Move over MoMA. There is a new avant-garde concept afoot and it’s not a placid Scottish actress sleeping in a box.
Berlin’s Jewish Museum, which aesthetically is a one-of-a-kind museum, but has done odd things recently like cede academic Judith Butler a platform to promote a boycott of Israel, has a new exhibit that has informally been named “Jew in the Box.” It’s not quite as the pernicious as the name suggests, but it’s definitely causing a stir.
To help educate postwar generations, an exhibit at the Jewish Museum features a Jewish man or woman seated inside a glass box for two hours a day through August to answer visitors’ questions about Jews and Jewish life. The base of the box asks: “Are there still Jews in Germany?”
“A lot of our visitors don’t know any Jews and have questions they want to ask,” museum official Tina Luedecke said. “With this exhibition we offer an opportunity for those people to know more about Jews and Jewish life.”
But not everybody thinks putting a Jew on display is the best way to build understanding and mutual respect.
Since the exhibit — “The Whole Truth, everything you wanted to know about Jews” — opened this month, the “Jew in the Box,” as it is popularly known, has drawn sharp criticism within the Jewish community — especially in the city where the Nazis orchestrated the slaughter of 6 million Jews until Adolf Hitler’s defeat in 1945.
“Why don’t they give him a banana and a glass of water, turn up the heat and make the Jew feel really cozy in his glass box,” prominent Berlin Jewish community figure Stephan Kramer told The Associated Press. “They actually asked me if I wanted to participate. But I told them I’m not available.”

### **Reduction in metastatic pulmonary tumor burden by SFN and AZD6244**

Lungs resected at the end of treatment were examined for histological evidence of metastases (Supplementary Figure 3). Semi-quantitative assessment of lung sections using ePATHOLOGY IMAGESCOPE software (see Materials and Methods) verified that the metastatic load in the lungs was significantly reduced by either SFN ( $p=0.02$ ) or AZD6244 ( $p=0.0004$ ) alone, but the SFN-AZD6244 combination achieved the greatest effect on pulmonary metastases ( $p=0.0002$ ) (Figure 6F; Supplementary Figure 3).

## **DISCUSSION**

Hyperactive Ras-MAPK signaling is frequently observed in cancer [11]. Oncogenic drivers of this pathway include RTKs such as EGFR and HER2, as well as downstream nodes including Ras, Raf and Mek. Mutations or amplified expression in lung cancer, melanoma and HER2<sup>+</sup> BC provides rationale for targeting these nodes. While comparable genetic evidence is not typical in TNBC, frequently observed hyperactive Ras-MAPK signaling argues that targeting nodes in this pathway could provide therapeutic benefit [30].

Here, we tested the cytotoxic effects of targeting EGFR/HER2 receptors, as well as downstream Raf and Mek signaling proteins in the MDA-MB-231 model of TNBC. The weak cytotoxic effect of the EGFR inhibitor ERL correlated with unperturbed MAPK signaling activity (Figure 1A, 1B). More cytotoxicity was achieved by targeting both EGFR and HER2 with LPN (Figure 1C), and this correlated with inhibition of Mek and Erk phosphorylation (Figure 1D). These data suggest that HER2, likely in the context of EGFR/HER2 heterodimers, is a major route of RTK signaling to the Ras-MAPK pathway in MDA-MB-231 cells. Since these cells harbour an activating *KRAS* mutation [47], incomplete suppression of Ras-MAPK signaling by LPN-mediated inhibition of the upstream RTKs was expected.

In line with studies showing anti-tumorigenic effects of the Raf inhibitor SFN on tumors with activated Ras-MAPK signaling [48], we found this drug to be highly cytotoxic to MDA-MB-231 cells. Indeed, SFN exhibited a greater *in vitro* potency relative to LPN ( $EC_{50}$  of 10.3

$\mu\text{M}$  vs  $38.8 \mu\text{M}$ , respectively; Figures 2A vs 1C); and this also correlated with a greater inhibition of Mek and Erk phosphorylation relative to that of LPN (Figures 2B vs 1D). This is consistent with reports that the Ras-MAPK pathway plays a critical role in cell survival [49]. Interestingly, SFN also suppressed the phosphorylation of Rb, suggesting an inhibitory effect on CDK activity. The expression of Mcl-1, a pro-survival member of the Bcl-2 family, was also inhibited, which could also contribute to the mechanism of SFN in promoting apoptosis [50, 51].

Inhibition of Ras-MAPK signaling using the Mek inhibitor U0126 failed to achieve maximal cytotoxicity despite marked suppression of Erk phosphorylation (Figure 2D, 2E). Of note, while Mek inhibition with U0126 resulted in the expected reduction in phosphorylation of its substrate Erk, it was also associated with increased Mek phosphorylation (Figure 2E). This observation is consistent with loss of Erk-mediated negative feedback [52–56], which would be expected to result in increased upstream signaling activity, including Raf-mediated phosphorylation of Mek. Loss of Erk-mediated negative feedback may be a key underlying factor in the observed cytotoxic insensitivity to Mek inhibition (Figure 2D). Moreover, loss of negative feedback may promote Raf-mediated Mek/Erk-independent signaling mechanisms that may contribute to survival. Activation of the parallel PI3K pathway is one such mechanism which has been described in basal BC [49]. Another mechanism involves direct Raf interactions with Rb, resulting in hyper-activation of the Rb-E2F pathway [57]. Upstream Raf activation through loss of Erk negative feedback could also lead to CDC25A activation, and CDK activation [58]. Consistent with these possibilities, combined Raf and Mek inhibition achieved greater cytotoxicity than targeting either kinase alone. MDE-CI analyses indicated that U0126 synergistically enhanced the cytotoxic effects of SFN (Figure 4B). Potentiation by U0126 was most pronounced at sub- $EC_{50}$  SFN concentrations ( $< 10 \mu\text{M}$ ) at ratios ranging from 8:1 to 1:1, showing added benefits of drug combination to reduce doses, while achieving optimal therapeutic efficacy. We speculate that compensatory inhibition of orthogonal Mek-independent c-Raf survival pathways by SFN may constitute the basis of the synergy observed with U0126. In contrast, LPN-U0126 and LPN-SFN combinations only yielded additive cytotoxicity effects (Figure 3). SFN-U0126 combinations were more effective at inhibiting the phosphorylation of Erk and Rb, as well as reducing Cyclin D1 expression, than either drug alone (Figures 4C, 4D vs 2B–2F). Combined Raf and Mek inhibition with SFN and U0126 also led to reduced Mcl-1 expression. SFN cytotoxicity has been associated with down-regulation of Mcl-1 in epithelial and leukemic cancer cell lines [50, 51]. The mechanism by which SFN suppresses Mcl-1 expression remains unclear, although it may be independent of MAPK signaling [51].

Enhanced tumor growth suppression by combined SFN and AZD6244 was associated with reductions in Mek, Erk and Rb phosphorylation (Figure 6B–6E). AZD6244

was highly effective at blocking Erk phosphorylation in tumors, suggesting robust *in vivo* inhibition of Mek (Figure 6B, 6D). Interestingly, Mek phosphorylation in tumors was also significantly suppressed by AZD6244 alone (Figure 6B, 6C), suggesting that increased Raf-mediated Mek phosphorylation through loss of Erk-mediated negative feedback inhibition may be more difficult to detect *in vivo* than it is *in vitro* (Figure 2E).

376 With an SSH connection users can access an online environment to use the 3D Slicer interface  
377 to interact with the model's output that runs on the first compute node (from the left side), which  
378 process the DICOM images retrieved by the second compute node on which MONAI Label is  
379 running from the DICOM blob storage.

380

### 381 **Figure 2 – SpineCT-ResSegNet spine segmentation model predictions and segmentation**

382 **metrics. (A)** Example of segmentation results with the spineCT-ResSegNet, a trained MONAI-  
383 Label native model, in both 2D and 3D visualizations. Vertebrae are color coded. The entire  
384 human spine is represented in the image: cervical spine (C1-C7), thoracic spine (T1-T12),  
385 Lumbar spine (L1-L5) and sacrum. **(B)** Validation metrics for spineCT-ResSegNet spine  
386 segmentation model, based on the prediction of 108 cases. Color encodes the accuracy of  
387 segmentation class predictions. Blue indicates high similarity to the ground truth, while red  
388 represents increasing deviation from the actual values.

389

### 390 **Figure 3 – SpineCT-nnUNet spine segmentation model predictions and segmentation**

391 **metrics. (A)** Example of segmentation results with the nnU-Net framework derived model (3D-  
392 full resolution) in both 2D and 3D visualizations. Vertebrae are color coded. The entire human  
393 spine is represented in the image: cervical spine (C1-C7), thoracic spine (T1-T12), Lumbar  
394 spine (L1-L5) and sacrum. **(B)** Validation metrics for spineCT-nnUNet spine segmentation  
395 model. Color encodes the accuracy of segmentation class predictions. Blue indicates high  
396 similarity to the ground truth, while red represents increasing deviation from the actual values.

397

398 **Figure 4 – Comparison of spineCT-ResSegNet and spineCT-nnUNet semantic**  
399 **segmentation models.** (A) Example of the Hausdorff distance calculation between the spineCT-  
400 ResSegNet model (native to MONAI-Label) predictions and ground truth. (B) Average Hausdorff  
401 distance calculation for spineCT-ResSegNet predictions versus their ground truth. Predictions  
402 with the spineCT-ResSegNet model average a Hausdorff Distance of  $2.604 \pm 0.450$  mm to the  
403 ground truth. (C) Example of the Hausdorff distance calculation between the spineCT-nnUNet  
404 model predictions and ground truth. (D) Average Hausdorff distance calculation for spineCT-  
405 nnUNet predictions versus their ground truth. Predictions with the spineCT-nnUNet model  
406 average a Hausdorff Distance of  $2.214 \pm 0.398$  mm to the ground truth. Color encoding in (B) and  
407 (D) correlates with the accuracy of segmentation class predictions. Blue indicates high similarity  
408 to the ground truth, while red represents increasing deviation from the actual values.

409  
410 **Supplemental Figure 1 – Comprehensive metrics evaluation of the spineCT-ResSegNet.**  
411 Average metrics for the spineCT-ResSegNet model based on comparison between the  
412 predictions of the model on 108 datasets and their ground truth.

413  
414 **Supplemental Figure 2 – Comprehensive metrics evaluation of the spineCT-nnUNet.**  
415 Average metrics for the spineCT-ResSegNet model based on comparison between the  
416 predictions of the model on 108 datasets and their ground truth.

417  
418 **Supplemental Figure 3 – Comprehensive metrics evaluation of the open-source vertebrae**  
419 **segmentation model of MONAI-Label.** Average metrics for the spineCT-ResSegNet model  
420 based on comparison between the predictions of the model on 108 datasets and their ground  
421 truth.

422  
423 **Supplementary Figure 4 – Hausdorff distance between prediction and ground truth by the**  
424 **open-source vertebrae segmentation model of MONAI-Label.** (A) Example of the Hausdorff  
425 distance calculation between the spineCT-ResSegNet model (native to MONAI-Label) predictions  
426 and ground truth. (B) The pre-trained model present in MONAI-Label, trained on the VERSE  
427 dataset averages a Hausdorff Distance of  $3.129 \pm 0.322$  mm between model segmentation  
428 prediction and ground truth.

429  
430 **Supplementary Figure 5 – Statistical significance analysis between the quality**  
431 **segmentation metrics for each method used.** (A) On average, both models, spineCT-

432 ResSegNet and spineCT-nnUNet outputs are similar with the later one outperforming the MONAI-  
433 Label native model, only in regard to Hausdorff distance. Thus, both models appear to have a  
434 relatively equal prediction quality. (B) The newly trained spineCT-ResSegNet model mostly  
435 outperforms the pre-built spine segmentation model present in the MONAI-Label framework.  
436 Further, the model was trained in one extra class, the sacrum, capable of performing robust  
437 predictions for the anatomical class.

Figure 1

After spending a month-plus working on The Scroll in Berlin last summer, my (admittedly limited) impression of how Germans approach the subject of Jews and Jewish history is heavily colored with polite curiosity. But it goes both ways. One friend I made–who was roughly my age–explained her tenuous sense of history as part of a German family that was thrown out of Poland after the war and immediately fell behind the Iron Curtain’s reach into East Germany. There were a surprising level of common ground between us.
Ultimately, if we want to build some better understanding between Jews and Germans, we ought to consider sending the Jewish teenagers who tramp through the darkest points of Polish history on the March of the Living to Germany instead of Israel to achieve a mutually beneficial connection between the Jewish past, the Jewish present, and Germany.
While this exhibit feels a little too precious for its own good, I think it probably also fills a need.